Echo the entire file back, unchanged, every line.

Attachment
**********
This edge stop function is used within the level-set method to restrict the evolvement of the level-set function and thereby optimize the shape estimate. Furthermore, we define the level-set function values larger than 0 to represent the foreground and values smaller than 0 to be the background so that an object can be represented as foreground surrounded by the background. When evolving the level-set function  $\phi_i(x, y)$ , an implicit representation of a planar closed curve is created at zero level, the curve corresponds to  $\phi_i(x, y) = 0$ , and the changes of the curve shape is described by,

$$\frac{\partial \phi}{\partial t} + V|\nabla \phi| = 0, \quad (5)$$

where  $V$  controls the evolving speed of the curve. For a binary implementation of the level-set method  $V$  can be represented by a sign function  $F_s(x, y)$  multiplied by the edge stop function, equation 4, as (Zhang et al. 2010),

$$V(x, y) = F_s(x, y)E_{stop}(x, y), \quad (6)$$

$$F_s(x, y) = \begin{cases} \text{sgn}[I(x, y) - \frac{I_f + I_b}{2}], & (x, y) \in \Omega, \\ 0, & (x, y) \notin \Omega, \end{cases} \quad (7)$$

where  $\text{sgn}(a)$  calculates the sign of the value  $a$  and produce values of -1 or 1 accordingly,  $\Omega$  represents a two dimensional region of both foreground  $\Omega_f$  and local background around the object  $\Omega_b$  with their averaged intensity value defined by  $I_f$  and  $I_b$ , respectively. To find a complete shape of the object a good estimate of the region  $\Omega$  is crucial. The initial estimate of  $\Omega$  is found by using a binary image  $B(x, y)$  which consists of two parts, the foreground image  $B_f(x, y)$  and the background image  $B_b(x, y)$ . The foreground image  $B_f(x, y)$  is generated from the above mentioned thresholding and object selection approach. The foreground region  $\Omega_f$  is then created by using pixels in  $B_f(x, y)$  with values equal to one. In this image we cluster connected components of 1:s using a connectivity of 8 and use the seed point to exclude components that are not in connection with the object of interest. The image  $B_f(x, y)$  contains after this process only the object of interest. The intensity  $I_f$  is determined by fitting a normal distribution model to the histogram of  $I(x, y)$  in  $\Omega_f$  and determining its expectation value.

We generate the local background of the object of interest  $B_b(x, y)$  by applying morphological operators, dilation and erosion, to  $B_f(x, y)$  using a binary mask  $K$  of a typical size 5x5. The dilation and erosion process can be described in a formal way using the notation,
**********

This edge stop function is used within the level-set method to restrict the evolvement of the level-set function and thereby optimize the shape estimate. Furthermore, we define the level-set function values larger than 0 to represent the foreground and values smaller than 0 to be the background so that an object can be represented as foreground surrounded by the background. When evolving the level-set function  $\phi_i(x, y)$ , an implicit representation of a planar closed curve is created at zero level, the curve corresponds to  $\phi_i(x, y) = 0$ , and the changes of the curve shape is described by,

$$\frac{\partial \phi}{\partial t} + V|\nabla \phi| = 0, \quad (5)$$

where  $V$  controls the evolving speed of the curve. For a binary implementation of the level-set method  $V$  can be represented by a sign function  $F_s(x, y)$  multiplied by the edge stop function, equation 4, as (Zhang et al. 2010),

$$V(x, y) = F_s(x, y)E_{stop}(x, y), \quad (6)$$

$$F_s(x, y) = \begin{cases} \text{sgn}[I(x, y) - \frac{I_f + I_b}{2}], & (x, y) \in \Omega, \\ 0, & (x, y) \notin \Omega, \end{cases} \quad (7)$$

where  $\text{sgn}(a)$  calculates the sign of the value  $a$  and produce values of -1 or 1 accordingly,  $\Omega$  represents a two dimensional region of both foreground  $\Omega_f$  and local background around the object  $\Omega_b$  with their averaged intensity value defined by  $I_f$  and  $I_b$ , respectively. To find a complete shape of the object a good estimate of the region  $\Omega$  is crucial. The initial estimate of  $\Omega$  is found by using a binary image  $B(x, y)$  which consists of two parts, the foreground image  $B_f(x, y)$  and the background image  $B_b(x, y)$ . The foreground image  $B_f(x, y)$  is generated from the above mentioned thresholding and object selection approach. The foreground region  $\Omega_f$  is then created by using pixels in  $B_f(x, y)$  with values equal to one. In this image we cluster connected components of 1:s using a connectivity of 8 and use the seed point to exclude components that are not in connection with the object of interest. The image  $B_f(x, y)$  contains after this process only the object of interest. The intensity  $I_f$  is determined by fitting a normal distribution model to the histogram of  $I(x, y)$  in  $\Omega_f$  and determining its expectation value.

We generate the local background of the object of interest  $B_b(x, y)$  by applying morphological operators, dilation and erosion, to  $B_f(x, y)$  using a binary mask  $K$  of a typical size 5x5. The dilation and erosion process can be described in a formal way using the notation,